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Power factor is an amount, expressed as a percentage, which shows a system’s real power output compared to its apparent power output. Real power is the circuit’s capacity at any given time during actual use, and apparent power is the actual power flowing through the system. The power factor is a comparative value; higher-power factor systems require lower amounts of distributed power, while lower power factor systems need more. This value comes into play when finding electricity rates and looking for electrical problems in machinery.
The two portions that make up a power factor are measurements of actual power flow. Real power measures the energy that is actually necessary for the work performed to happen. For instance, a circuit requires a specific amount of electricity to perform a task; that amount is real power. Apparent power is the power flowing through the system. Since real power is flowing but it is combined with other factors in the circuit, apparent power is always higher that real power.
It is the other factors in apparent power that have the actual effect on power factor. These factors are anything that influence the power flow through the system and are almost always negative. One common influence on apparent power is power moving backwards, called heading to source. This process increases the power in the circuit, but the increase is non-usable energy. Other common factors include charges and discharges from the coil, environmental influences and incorrectly-drawn energy.
The result of these various power types and the influences on the system is the power factor. This value shows the relative efficiency of the device’s power system. A high-power factor means there are relatively few things disrupting the power flow, while a low factor means the apparent power is disrupted. Since it is practically impossible to get rid of all distorting influences, a factor of 100% isn’t really possible. In the same respect, a factor of 0% means no power is flowing at all, another impossibility in an active system.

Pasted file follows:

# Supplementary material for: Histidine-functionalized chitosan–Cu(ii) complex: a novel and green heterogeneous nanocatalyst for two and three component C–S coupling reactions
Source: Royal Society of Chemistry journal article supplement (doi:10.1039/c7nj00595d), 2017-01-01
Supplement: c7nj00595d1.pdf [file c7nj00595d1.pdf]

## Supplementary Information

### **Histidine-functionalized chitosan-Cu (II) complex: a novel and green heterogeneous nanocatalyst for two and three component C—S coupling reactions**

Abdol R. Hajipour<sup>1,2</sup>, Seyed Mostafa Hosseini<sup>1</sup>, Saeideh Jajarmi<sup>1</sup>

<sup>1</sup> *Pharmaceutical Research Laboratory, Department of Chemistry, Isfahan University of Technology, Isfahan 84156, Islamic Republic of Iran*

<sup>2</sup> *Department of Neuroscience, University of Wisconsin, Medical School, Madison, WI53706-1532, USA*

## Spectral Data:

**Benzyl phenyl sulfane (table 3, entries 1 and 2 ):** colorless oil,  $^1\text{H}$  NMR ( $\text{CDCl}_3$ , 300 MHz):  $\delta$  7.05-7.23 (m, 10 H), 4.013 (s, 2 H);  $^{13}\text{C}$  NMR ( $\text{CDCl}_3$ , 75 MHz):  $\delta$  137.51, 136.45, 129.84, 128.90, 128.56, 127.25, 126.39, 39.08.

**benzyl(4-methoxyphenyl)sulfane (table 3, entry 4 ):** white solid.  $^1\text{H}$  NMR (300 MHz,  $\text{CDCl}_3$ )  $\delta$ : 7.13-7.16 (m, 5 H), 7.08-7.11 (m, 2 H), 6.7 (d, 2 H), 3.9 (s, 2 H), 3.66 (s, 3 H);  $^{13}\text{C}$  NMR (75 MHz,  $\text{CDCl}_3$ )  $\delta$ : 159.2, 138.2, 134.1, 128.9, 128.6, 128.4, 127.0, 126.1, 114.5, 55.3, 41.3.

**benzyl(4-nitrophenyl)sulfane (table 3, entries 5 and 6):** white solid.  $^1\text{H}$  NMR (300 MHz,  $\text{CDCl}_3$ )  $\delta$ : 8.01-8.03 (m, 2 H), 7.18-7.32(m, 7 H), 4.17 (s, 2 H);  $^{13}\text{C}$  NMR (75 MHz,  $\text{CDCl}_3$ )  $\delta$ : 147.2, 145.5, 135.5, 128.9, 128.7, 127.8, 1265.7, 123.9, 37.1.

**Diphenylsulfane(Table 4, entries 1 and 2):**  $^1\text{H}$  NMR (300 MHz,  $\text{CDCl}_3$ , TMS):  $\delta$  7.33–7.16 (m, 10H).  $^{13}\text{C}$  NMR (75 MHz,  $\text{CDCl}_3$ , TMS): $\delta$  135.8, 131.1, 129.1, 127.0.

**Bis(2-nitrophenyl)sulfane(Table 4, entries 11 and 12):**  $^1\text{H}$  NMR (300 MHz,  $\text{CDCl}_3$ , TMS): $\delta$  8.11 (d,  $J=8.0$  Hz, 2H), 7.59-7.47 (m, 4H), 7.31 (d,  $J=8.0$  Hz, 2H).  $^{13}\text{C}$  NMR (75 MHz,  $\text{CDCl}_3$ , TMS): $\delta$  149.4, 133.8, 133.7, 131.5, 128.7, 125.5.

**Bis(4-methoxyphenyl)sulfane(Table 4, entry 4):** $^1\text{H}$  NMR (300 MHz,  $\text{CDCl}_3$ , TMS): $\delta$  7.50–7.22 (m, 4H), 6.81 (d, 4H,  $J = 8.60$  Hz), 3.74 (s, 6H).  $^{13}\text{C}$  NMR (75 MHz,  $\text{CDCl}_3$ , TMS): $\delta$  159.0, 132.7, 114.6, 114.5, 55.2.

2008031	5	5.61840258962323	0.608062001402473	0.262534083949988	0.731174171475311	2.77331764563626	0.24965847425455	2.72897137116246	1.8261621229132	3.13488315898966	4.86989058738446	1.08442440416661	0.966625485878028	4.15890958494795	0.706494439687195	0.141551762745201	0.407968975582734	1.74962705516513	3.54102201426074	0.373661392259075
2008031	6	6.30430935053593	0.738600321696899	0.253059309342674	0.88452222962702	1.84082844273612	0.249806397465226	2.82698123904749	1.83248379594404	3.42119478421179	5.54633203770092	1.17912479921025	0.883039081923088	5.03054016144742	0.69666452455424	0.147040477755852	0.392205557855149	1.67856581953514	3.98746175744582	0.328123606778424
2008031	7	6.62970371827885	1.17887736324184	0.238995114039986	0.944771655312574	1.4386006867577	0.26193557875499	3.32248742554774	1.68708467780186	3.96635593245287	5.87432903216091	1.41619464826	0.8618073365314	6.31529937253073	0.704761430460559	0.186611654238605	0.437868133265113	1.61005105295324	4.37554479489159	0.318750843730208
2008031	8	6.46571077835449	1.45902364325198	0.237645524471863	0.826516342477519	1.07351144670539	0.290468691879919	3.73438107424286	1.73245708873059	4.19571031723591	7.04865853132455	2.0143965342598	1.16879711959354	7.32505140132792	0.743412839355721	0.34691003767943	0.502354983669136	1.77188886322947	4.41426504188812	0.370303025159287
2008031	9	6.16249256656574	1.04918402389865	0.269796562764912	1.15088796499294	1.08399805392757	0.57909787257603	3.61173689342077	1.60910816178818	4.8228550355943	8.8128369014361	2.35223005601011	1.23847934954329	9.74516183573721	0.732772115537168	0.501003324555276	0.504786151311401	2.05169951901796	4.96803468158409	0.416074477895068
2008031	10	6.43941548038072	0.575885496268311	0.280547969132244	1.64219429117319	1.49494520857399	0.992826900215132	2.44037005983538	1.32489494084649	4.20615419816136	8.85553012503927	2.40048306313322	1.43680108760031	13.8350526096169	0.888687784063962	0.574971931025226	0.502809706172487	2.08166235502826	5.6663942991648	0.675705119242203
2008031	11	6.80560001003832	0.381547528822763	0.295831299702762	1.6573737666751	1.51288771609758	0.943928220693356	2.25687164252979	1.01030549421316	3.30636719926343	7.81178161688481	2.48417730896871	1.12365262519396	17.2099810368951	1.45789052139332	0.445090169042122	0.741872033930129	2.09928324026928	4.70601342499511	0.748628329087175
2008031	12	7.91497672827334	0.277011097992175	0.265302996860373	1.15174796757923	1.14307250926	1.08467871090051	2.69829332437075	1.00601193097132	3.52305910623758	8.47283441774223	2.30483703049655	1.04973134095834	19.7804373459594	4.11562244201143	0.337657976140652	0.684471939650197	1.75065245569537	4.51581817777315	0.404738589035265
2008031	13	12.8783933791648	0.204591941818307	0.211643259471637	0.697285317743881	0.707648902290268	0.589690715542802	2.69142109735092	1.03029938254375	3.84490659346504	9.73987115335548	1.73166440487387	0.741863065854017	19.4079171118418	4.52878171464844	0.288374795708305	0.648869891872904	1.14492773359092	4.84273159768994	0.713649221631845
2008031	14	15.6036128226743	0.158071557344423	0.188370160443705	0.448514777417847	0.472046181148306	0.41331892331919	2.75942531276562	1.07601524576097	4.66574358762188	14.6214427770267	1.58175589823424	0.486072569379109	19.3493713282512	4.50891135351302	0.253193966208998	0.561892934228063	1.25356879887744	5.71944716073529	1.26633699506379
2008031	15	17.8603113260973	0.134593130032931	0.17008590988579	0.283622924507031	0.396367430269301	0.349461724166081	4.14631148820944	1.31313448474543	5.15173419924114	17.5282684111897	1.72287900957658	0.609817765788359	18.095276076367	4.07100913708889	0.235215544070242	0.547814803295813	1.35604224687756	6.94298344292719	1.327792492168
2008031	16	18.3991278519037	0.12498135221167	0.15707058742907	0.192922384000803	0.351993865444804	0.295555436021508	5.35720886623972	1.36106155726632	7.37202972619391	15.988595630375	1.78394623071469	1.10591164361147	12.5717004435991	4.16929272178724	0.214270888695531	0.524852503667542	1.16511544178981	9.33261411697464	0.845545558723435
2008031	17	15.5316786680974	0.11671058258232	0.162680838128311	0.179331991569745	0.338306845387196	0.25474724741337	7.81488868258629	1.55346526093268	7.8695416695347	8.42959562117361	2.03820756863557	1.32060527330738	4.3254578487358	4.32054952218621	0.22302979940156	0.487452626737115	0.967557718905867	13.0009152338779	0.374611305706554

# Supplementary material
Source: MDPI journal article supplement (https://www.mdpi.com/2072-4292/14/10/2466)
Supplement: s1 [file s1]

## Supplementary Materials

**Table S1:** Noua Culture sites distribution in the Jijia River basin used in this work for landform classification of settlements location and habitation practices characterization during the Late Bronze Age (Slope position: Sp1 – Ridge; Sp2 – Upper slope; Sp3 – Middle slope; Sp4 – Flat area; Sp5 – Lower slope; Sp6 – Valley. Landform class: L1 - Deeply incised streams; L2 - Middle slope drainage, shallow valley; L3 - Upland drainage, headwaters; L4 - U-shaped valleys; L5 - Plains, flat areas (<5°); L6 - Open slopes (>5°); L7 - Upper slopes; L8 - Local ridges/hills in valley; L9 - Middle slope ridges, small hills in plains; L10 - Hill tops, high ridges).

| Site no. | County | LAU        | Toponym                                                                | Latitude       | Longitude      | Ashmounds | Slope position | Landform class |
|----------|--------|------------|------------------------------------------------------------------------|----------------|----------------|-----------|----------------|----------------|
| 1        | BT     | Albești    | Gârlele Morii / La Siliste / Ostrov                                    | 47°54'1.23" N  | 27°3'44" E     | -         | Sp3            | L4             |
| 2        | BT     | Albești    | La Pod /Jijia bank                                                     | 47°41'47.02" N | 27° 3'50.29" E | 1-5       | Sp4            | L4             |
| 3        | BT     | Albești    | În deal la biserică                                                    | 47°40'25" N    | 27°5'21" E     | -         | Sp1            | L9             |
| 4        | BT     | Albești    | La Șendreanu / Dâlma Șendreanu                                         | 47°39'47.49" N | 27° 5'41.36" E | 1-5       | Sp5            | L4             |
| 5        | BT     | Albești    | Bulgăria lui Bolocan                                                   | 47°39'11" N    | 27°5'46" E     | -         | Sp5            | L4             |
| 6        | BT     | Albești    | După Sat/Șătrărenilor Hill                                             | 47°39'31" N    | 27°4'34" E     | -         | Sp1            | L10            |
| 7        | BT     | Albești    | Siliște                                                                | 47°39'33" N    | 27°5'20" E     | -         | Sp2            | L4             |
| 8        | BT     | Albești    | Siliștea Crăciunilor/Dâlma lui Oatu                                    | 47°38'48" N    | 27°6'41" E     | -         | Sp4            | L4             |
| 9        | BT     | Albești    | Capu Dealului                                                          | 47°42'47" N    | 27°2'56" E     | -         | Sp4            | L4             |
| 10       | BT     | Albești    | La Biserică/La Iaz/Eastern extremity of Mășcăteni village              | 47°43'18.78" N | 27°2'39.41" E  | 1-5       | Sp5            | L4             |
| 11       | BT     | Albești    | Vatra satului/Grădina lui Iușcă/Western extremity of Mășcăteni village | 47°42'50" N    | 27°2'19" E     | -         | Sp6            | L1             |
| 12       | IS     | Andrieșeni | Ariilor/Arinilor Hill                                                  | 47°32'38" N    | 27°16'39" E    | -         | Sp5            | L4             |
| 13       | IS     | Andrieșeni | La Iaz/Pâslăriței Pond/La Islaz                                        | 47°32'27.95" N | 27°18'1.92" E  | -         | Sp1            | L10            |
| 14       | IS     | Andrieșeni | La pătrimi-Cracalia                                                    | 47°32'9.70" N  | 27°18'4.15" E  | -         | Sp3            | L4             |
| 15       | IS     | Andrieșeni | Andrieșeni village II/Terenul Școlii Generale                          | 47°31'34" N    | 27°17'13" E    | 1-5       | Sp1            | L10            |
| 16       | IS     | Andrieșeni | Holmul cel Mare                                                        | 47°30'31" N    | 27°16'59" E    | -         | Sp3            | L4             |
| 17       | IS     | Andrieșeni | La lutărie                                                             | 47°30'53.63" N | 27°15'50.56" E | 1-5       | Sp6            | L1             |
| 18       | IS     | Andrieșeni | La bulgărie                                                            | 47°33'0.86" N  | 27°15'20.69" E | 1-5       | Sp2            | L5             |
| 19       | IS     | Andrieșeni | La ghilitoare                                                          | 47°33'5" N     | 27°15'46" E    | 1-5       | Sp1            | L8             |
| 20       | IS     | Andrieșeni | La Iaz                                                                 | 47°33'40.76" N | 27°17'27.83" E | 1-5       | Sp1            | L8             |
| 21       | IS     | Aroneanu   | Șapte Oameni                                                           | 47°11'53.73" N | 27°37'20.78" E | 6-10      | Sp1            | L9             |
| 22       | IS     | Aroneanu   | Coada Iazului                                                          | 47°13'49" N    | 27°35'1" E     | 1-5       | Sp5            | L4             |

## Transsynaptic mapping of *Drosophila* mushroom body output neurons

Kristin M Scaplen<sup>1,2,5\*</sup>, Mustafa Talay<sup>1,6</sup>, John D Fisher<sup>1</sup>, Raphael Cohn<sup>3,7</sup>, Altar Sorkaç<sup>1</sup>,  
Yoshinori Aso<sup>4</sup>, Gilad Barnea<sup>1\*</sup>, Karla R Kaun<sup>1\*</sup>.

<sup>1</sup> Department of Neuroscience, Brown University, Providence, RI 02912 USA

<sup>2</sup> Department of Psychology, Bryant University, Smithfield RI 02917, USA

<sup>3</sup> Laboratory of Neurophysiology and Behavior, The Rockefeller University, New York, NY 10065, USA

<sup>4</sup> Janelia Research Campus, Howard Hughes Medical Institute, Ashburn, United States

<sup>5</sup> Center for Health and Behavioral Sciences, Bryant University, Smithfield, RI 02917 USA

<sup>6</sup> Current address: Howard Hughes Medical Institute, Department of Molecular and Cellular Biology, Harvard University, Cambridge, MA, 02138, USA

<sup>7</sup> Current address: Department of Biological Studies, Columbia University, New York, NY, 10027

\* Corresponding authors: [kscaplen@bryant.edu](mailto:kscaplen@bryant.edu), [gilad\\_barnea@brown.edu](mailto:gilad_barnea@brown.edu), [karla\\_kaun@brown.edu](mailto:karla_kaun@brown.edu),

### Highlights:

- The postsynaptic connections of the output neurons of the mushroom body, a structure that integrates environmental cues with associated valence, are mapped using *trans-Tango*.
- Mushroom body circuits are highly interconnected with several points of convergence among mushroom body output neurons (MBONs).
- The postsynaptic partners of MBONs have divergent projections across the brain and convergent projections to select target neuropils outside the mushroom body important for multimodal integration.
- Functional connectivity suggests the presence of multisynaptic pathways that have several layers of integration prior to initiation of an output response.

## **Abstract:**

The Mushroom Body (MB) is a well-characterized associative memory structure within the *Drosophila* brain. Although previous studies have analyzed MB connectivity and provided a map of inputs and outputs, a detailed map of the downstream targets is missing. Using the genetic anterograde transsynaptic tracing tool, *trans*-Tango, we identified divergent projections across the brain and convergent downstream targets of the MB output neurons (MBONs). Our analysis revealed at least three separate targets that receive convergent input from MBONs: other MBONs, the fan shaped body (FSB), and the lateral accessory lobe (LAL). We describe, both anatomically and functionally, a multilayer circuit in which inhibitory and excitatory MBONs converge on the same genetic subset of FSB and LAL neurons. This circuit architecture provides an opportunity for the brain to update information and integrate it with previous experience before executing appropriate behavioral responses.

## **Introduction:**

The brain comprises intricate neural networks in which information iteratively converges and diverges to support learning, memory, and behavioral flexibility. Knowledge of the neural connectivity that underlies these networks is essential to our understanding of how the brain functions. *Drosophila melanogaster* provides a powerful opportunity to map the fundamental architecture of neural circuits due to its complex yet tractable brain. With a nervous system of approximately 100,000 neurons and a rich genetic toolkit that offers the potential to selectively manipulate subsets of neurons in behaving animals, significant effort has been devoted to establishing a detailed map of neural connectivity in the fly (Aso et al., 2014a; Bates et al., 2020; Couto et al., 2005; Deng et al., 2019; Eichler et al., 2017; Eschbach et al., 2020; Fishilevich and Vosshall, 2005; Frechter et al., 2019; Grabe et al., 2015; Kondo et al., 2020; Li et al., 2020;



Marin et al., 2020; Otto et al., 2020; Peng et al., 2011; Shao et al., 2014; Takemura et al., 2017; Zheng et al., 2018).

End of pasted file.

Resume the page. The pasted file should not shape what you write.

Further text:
The value is often used as a comparison between electrical systems. Two systems that operate in the same way with the same power requirement may have different factors. If one system has a higher factor, the lower system has a problem present in either the electrical system or power delivery method.
Electricity companies often use power factor to determine power rates for large customers. Companies that have a high factor are likely to receive price breaks and incentives due to their efficient use of available resources. Companies with low factors are often charged more as an impetus to improve their machinery and infrastructure.